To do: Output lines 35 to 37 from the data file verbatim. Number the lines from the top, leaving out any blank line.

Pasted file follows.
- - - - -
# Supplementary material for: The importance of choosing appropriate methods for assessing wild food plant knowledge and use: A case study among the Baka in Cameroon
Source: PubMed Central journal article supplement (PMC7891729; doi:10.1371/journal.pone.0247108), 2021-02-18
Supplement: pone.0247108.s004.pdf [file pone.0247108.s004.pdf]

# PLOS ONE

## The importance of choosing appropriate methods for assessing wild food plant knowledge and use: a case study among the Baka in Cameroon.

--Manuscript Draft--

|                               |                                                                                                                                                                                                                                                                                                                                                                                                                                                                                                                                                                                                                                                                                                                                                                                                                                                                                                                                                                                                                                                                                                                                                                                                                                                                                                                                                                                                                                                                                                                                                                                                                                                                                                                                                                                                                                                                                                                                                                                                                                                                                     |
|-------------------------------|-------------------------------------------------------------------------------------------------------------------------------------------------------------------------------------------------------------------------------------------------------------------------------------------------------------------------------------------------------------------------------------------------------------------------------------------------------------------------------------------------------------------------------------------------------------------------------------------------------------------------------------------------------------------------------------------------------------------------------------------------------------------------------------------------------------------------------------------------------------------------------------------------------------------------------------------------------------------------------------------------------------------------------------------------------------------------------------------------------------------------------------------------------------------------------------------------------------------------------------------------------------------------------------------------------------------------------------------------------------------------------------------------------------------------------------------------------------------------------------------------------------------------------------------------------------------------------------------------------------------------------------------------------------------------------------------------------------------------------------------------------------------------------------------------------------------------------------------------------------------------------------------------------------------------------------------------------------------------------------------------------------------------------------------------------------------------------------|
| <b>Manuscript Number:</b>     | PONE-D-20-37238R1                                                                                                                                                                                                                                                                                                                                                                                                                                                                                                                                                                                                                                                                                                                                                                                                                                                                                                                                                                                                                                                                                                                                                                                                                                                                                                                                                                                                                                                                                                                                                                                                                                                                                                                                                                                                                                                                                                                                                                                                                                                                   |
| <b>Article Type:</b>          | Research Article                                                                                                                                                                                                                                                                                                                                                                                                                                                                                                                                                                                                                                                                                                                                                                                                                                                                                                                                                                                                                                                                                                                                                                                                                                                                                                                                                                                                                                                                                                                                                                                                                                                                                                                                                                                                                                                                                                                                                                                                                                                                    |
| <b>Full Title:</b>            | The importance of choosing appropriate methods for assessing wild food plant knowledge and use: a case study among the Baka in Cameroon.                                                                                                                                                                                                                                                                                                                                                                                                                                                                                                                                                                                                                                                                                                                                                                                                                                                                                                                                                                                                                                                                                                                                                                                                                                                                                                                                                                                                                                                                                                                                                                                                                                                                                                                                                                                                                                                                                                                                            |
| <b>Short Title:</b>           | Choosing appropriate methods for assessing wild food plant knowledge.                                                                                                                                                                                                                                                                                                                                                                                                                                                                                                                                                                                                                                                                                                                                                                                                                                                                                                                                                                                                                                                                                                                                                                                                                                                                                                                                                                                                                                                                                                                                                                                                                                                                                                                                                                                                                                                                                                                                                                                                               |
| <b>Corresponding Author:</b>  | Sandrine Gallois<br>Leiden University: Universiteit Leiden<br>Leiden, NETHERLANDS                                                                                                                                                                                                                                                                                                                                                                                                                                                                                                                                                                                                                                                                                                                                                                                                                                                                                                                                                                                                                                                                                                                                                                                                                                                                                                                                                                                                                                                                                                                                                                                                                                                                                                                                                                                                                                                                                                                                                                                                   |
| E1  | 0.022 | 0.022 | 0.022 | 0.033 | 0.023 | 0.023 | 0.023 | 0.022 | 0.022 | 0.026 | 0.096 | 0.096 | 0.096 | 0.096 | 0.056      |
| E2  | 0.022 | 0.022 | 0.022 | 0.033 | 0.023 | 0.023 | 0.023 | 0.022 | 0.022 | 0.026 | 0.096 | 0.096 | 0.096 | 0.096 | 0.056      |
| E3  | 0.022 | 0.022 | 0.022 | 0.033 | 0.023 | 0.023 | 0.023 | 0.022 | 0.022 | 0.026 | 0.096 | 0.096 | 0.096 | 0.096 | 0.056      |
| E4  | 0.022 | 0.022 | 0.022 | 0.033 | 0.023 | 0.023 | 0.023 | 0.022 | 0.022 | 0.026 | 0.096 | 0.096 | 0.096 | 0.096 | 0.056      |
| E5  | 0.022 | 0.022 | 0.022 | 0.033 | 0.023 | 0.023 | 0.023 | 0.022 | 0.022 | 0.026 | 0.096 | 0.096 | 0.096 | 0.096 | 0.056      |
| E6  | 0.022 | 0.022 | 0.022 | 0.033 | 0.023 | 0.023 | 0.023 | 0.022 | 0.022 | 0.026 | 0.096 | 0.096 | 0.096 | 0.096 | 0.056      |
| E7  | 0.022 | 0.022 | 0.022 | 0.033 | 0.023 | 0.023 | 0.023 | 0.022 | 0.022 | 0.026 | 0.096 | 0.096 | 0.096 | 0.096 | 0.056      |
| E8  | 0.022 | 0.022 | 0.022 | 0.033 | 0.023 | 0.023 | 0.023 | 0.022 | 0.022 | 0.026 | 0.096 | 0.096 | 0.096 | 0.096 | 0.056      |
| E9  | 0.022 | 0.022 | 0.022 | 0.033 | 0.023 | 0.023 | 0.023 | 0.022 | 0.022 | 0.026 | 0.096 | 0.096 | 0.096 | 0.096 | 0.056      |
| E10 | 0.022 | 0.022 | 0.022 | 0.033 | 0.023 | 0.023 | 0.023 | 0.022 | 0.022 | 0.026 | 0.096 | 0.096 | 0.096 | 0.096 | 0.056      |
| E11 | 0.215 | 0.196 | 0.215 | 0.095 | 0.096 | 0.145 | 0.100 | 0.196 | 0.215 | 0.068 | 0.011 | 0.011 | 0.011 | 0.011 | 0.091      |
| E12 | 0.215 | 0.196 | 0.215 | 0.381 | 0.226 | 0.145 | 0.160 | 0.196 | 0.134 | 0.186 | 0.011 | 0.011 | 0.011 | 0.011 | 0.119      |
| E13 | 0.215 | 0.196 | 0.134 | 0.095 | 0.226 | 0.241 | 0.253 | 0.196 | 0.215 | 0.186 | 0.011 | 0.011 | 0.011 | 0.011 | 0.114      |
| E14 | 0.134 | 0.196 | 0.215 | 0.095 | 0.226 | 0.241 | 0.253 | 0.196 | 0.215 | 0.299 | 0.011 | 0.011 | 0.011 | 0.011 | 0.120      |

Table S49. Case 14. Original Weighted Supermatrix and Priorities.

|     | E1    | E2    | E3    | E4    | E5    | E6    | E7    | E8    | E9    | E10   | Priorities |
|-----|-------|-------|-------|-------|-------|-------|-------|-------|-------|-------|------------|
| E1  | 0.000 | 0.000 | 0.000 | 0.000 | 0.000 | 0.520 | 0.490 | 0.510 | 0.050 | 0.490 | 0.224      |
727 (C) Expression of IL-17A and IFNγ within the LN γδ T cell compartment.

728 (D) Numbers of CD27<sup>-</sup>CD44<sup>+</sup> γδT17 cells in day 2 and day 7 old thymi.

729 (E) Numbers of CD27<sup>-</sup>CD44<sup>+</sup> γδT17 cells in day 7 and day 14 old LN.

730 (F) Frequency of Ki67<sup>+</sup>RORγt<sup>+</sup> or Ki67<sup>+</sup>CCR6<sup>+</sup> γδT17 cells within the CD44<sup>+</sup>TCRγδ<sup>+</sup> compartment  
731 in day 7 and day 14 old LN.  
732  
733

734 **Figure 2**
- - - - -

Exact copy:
730 (F) Frequency of Ki67<sup>+</sup>RORγt<sup>+</sup> or Ki67<sup>+</sup>CCR6<sup>+</sup> γδT17 cells within the CD44<sup>+</sup>TCRγδ<sup>+</sup> compartment  
731 in day 7 and day 14 old LN.  
732  